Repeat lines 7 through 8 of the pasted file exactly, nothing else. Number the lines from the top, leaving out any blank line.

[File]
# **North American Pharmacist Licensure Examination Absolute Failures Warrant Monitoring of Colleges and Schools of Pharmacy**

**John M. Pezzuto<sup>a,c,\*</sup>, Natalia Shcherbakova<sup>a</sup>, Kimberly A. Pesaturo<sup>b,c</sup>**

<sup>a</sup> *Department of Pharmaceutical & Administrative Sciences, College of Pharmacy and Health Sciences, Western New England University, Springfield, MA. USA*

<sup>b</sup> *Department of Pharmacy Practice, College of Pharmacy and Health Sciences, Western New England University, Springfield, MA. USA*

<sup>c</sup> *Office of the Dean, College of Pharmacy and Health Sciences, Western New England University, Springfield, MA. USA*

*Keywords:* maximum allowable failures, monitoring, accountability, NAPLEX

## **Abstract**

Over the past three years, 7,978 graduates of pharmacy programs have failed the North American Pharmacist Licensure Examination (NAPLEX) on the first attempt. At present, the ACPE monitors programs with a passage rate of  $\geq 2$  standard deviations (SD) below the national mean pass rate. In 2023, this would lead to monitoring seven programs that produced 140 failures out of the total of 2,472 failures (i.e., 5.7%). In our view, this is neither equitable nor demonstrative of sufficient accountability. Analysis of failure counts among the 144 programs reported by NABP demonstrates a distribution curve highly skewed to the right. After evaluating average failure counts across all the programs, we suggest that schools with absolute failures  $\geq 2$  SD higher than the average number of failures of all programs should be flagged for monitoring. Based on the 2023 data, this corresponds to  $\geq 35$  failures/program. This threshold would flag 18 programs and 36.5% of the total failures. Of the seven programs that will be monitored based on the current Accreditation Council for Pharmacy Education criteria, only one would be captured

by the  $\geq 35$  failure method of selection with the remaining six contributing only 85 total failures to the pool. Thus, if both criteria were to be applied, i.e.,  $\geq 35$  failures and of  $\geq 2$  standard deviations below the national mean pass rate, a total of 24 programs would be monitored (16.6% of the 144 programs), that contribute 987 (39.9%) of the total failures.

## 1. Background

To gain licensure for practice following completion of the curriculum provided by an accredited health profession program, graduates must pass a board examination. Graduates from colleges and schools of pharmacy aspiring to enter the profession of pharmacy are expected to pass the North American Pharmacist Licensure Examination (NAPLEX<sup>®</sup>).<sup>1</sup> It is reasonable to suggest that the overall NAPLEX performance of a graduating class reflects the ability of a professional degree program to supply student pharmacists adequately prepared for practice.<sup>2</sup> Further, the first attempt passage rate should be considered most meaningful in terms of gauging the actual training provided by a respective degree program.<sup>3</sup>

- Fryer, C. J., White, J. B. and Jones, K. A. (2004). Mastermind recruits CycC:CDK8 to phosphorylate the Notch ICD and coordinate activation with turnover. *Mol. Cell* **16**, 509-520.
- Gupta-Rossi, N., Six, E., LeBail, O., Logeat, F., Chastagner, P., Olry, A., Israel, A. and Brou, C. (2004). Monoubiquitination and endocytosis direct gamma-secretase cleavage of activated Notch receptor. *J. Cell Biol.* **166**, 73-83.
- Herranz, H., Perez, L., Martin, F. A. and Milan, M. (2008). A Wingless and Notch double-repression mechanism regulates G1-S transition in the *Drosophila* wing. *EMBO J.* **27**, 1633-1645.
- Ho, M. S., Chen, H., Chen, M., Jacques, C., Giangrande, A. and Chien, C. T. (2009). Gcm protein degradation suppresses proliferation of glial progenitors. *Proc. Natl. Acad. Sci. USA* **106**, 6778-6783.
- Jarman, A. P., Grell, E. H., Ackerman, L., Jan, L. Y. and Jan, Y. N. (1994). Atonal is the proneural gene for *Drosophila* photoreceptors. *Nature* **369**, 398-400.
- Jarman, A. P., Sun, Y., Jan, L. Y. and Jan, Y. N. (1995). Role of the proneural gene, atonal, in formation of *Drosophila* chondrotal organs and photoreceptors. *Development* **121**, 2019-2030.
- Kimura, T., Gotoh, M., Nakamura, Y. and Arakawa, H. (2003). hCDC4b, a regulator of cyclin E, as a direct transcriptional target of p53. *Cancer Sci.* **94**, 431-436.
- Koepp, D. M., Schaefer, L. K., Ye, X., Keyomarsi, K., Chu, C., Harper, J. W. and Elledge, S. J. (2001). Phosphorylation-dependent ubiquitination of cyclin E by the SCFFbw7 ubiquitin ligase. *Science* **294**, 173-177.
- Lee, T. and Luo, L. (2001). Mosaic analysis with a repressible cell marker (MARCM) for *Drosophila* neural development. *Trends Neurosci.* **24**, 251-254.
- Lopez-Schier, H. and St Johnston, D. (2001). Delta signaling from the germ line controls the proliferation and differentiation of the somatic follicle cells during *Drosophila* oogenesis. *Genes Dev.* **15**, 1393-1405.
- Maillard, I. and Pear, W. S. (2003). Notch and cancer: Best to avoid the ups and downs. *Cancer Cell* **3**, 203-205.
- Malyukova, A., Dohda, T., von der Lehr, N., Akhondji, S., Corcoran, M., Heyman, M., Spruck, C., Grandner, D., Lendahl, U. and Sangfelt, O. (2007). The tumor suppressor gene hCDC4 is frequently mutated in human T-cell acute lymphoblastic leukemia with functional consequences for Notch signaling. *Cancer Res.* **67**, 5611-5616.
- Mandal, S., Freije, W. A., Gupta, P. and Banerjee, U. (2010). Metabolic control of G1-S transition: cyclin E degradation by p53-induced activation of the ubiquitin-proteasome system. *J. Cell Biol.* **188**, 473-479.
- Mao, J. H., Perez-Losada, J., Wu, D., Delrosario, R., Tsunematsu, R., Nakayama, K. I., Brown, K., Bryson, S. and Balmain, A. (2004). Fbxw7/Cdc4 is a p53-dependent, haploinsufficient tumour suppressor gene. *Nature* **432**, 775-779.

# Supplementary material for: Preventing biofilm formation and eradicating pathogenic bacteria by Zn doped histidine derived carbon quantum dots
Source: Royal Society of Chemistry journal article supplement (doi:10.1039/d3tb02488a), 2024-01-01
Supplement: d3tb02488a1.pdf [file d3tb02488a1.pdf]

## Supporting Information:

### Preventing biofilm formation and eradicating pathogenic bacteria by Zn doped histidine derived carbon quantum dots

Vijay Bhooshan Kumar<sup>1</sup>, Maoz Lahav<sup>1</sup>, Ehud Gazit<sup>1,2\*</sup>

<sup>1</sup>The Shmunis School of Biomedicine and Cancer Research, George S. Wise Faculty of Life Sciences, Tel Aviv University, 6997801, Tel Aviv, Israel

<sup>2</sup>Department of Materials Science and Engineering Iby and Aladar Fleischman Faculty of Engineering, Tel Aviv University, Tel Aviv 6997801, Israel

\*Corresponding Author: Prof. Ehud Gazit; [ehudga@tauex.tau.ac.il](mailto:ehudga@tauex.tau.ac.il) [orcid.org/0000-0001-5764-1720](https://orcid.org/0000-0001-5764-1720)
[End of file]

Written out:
## **Abstract**

Over the past three years, 7,978 graduates of pharmacy programs have failed the North American Pharmacist Licensure Examination (NAPLEX) on the first attempt. At present, the ACPE monitors programs with a passage rate of  $\geq 2$  standard deviations (SD) below the national mean pass rate. In 2023, this would lead to monitoring seven programs that produced 140 failures out of the total of 2,472 failures (i.e., 5.7%). In our view, this is neither equitable nor demonstrative of sufficient accountability. Analysis of failure counts among the 144 programs reported by NABP demonstrates a distribution curve highly skewed to the right. After evaluating average failure counts across all the programs, we suggest that schools with absolute failures  $\geq 2$  SD higher than the average number of failures of all programs should be flagged for monitoring. Based on the 2023 data, this corresponds to  $\geq 35$  failures/program. This threshold would flag 18 programs and 36.5% of the total failures. Of the seven programs that will be monitored based on the current Accreditation Council for Pharmacy Education criteria, only one would be captured